Starer, Robert

Robert Starer was born in Vienna. At the age of four he began piano studies and continued them at the Vienna State Academy in 1937. Following the 1938 plebiscite in which Austria voted for annexation to Germany as part of the Third Reich, Starer went to Palestine, where he studied at the Jerusalem Conservatory (1939–43). During the Second World War he served in the British Royal Air Force (1943–46), often touring as a pianist. In 1947 he was awarded a scholarship to study composition with Frederick Jacobi at the Juilliard School, in New York, receiving a postgraduate diploma in 1949. In the summer of 1948 he studied with Aaron Copland at the Berkshire Music Center.

From 1949 to 1974, Starer—who became an American citizen in 1957—taught at Juilliard, and from 1963 to 1991 he was on the faculty of Brooklyn College and the Graduate Center of the City University of New York, where he was named a distinguished professor in 1986. He was elected a member of the American Academy of Arts and Letters in 1994, and he was awarded the Medal of Honor for Science and Art by the president of Austria in 1995, an honorary doctorate by the State University of New York in 1996, and a presidential citation by the National Federation of Music Clubs in 1997.

Starer’s early compositional style reflected his training at the Jerusalem Conservatory. “In the Jerusalem in which I spent my formative years,” Starer wrote, “there was much interest in blending Western, that is, European, music with the music of the Near East. Joseph Tal . . . insisted that I learn to play the oud, an Arabic ancestor of the European lute, with a Jewish musician from Baghdad, a man who had never learned to transcribe his improvised music, which I then had to do.” In the United States, Starer’s lyrical, strongly rhythmic idiom became more dissonant under the influence of jazz and the avant-garde movement of the 1960s, and between 1963 and 1967 he published four serial works.

Starer’s large output includes works in most genres, large and small. His stage works include the three-act opera Pantagleize after Michel de Ghelderode’s play; and The Last Lover, a musical morality play with text by the distinguished American novelist Gail Godwin, Starer’s frequent collaborator from 1972 to the end of his life. He also composed the music for several ballets—four commissioned by Martha Graham—The Story of Esther for the choreographer Anna Sokolow (1960), and The Dybbuk for Herbert Ross (also 1960).

Starer’s orchestral works have been performed by major orchestras in the United States and abroad, under conductors including Mitropoulos, Bernstein, Steinberg, Leinsdorf, and Mehta. Among his numerous concertos are a violin concerto (1979–80) for Itzhak Perlman, of which Perlman gave the premiere in 1981 and later recorded with Seiji Ozawa and the Boston Symphony, and a cello concerto written in 1988 for Janos Starker, who recorded it in 1991.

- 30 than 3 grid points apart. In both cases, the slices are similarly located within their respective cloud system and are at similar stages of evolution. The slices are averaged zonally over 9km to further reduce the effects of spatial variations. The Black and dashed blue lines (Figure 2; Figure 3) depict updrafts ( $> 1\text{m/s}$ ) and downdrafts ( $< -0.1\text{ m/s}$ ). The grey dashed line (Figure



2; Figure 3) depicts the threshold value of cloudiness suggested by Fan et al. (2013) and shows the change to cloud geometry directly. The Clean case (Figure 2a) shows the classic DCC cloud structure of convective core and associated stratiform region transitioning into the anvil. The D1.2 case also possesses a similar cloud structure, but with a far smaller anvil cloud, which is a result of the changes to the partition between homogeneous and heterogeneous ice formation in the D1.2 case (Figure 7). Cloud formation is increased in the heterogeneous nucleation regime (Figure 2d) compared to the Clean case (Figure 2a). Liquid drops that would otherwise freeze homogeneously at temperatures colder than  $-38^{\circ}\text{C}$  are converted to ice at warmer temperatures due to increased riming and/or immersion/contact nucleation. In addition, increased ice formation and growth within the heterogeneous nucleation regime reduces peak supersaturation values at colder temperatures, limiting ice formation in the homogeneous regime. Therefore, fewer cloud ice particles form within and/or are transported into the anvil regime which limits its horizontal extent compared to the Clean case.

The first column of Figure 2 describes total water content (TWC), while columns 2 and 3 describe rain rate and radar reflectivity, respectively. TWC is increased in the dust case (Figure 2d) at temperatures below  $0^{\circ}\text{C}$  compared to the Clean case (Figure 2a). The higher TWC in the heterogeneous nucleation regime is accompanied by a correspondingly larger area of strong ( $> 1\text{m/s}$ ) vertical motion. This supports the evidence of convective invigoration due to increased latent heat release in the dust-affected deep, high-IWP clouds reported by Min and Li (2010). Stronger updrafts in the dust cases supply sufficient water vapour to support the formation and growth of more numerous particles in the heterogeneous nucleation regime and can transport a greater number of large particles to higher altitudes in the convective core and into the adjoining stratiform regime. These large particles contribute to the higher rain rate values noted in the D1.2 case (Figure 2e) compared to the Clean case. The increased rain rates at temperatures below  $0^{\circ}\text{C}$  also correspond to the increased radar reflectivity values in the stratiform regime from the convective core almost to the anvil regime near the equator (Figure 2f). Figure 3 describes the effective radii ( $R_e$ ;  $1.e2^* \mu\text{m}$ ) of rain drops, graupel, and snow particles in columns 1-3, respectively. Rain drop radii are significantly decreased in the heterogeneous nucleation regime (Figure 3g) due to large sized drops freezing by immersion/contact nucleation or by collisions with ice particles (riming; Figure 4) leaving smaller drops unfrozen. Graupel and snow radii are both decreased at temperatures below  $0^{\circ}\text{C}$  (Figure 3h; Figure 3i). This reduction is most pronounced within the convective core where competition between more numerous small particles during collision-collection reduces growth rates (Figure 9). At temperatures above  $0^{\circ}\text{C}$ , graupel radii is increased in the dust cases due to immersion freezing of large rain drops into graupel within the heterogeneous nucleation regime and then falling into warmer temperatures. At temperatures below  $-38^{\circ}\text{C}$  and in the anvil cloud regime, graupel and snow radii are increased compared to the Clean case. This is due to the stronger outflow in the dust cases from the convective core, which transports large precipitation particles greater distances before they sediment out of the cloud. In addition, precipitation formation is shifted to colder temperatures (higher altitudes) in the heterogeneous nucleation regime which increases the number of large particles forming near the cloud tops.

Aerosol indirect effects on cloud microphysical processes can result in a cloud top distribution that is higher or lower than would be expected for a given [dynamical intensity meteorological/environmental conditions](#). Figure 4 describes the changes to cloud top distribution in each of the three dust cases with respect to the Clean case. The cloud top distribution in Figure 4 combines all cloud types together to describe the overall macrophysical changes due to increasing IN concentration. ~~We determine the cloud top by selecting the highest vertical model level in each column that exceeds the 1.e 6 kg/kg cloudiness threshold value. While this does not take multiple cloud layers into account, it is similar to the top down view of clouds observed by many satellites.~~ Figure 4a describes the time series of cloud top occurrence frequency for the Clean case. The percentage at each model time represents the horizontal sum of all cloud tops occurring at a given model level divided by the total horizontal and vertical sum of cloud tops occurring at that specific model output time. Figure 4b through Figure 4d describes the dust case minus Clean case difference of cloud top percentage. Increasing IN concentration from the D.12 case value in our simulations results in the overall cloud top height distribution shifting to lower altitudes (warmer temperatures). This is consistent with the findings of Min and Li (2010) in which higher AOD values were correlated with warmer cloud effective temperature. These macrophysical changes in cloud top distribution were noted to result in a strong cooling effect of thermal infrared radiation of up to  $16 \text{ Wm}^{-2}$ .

Regarding the Jewish aspects of his work in general, Starer reflected, “While I was never in the employ of a synagogue or a Jewish organization, I have written music of Jewish interest all my life. My Jewishness is sometimes in the foreground, sometimes in the background….When Martha Graham asked me to write the music for her Samson Agonistes [1961], she said that she had chosen me because she had found Hebrew strength in my music as well as Hebrew suffering.”

His choral works, praised for his setting of biblical texts, whether in Hebrew or English, include such large-scale compositions for soloists, chorus, and orchestra and/or organ as Kohelet (1952; text from Ecclesiastes); Ariel: Visions of Isaiah, commissioned by the Interracial Fellowship Chorus in 1959; the cantata Joseph and His Brothers (1966); Sabbath Eve Service (1967); a commission by New York’s Park Avenue Synagogue, Psalms of Woe and Joy for chorus and piano (1975); and Nishmat adam (The Soul of Man) for narrator chorus and orchestra (1990). “I write differently when I set Hebrew text to music than when I set English to music,” Starer declared. “The rhythm of the two languages is so different. English is a syncopated language (and was so long before jazz), while Hebrew is not.” Interpreters of his vocal music have included Roberta Peters, Leontyne Price, and Phyllis Bryn-Julson. Starer is also the author of Rhythmic Training (New York, 1969); Basic Rhythmic Training (New York, 1986); and an autobiography, Continuo: a Life in Music (New York, 1987), one of the most highly regarded of recent composer memoirs.

By: Neil W. Levin




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